# Digital Volt and Amp Meter

Posted on Oct 8, 2012

The PIC Microchip Processor must be programmed before it will function as a Volt & Amp meter. There are many internet sites and PIC programmers that you can use. I used a Microchip MPLAB ICD 2 during the project. You might need to made changes to the circuit to accommodate a different type of programmer, do read the programmers instructions carefully. The circuit relies on the internal analogue to digital converter (ADC) of the PIC Microchip Processor. The accuracy is dependant on scaling the input voltage for the ADC for all three measurements. The good news is that both the PIC's which can be used for this project have 10-Bit resolution ADC units which should work adequately in most circumstances.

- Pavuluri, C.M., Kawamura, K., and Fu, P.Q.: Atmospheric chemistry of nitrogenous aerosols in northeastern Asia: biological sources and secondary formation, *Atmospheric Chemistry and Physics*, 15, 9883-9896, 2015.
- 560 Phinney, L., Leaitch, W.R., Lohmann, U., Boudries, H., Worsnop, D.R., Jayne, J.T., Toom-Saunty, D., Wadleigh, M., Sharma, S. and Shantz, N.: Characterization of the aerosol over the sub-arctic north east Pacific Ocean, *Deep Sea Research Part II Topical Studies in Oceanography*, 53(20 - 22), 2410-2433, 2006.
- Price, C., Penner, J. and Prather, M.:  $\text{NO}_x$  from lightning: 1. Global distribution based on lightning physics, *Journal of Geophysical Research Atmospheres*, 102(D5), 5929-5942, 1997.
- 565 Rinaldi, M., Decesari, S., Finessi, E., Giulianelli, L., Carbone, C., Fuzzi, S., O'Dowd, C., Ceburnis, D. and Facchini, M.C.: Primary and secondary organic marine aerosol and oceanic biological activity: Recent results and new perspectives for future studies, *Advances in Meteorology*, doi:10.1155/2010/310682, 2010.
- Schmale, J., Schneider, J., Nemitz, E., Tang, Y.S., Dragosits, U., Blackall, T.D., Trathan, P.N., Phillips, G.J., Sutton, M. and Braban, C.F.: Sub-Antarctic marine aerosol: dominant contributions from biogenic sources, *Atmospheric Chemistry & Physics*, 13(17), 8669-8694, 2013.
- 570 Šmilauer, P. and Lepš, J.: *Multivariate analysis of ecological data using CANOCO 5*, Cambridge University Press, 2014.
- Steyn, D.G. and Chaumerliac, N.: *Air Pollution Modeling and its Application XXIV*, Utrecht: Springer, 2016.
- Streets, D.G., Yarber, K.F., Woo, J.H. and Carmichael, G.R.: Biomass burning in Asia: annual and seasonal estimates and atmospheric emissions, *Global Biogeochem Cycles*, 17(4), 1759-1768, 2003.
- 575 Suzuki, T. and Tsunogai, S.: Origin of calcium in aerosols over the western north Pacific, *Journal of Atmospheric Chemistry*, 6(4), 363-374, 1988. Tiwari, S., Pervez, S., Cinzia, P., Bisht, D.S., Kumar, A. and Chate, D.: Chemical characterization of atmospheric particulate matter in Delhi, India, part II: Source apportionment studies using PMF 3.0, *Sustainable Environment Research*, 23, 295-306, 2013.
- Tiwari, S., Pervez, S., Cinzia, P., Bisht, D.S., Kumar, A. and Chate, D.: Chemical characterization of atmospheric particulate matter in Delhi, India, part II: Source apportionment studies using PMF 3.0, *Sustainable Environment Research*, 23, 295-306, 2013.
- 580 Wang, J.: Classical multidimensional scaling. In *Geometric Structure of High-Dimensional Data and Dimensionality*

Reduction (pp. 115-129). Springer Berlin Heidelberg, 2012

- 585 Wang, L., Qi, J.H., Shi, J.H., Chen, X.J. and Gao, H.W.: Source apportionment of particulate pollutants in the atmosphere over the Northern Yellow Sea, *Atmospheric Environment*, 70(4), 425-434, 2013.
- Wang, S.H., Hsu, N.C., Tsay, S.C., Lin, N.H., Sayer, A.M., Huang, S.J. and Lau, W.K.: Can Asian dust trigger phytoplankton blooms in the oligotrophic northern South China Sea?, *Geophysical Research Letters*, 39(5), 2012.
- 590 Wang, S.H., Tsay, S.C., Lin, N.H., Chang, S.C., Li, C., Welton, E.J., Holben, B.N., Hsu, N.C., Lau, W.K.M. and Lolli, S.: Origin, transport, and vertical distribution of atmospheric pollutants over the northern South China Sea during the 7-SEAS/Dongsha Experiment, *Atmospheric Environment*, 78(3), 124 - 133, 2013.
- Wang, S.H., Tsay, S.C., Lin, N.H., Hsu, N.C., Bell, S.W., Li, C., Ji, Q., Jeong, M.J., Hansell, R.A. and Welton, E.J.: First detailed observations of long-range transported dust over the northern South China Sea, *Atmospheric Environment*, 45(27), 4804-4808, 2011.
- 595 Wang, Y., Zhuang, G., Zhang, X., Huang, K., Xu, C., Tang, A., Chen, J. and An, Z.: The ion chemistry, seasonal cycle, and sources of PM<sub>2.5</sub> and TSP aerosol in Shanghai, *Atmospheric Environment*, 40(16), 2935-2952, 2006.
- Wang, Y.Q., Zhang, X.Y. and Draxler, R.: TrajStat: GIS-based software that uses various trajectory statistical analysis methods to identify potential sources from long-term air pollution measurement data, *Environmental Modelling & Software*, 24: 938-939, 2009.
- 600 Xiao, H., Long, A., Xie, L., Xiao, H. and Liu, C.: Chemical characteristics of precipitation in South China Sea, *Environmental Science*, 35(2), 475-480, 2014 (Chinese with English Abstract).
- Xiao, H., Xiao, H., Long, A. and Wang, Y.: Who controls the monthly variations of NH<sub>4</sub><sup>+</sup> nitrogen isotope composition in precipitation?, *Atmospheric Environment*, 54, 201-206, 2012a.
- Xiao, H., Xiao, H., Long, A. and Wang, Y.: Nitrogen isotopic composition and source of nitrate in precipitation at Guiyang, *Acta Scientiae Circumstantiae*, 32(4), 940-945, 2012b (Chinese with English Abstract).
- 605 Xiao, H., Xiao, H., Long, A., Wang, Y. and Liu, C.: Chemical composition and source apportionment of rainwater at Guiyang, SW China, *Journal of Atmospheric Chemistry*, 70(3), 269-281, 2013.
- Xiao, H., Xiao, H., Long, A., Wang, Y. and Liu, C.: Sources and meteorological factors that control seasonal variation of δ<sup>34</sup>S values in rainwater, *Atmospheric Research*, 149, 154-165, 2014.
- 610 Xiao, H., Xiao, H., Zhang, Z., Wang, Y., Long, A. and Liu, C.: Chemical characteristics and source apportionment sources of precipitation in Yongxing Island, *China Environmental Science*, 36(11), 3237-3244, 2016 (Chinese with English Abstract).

In order to determine the resolution, simple to advanced mathematics can be used - I will use simple mathematics and present a basic explanation in order for you to get going on the project. R17 and VR1 form a voltage divider as input to the ADC Input of the PIC. As the input voltage changes, so will the output of the Voltage divider on PIN 3 of the PIC. When calibrating the project for use it is important to remove the PIC from the circuit and adjust the Value of VR1 in such a manner that the output of the Voltage divider is never greater than 5.0V. Failing to do so might damage the PIC. The current measurement is more complex and involves an Op-Amp configured as an inverting amplifier to provide the input for the PIC. The resistor R7, in the Power Supply circuit is used as a shunt resistor. The small voltage drop across the resistor varies according to the amount of current a given load will draw from the PSU. In order to measure with greater accuracy the small voltage drop is amplified using an Op-Amp circuit. Using the formula for an inverting amplifier the output voltage of the Op-Amp can be calculated as follows: 1. The maximum current through R7 maybe 3.0A 2. The voltage drop over R7 = V = I * R = 3.0A * 0.47R = 1.41V 3. Op-Amp output = Vout = -(R12/R16)(Vin) = -(33K/10K)/1.41V = -4.653V. However, the input is a negative voltage and if we negate the answer we should measure close to 4.653V for the maximum...

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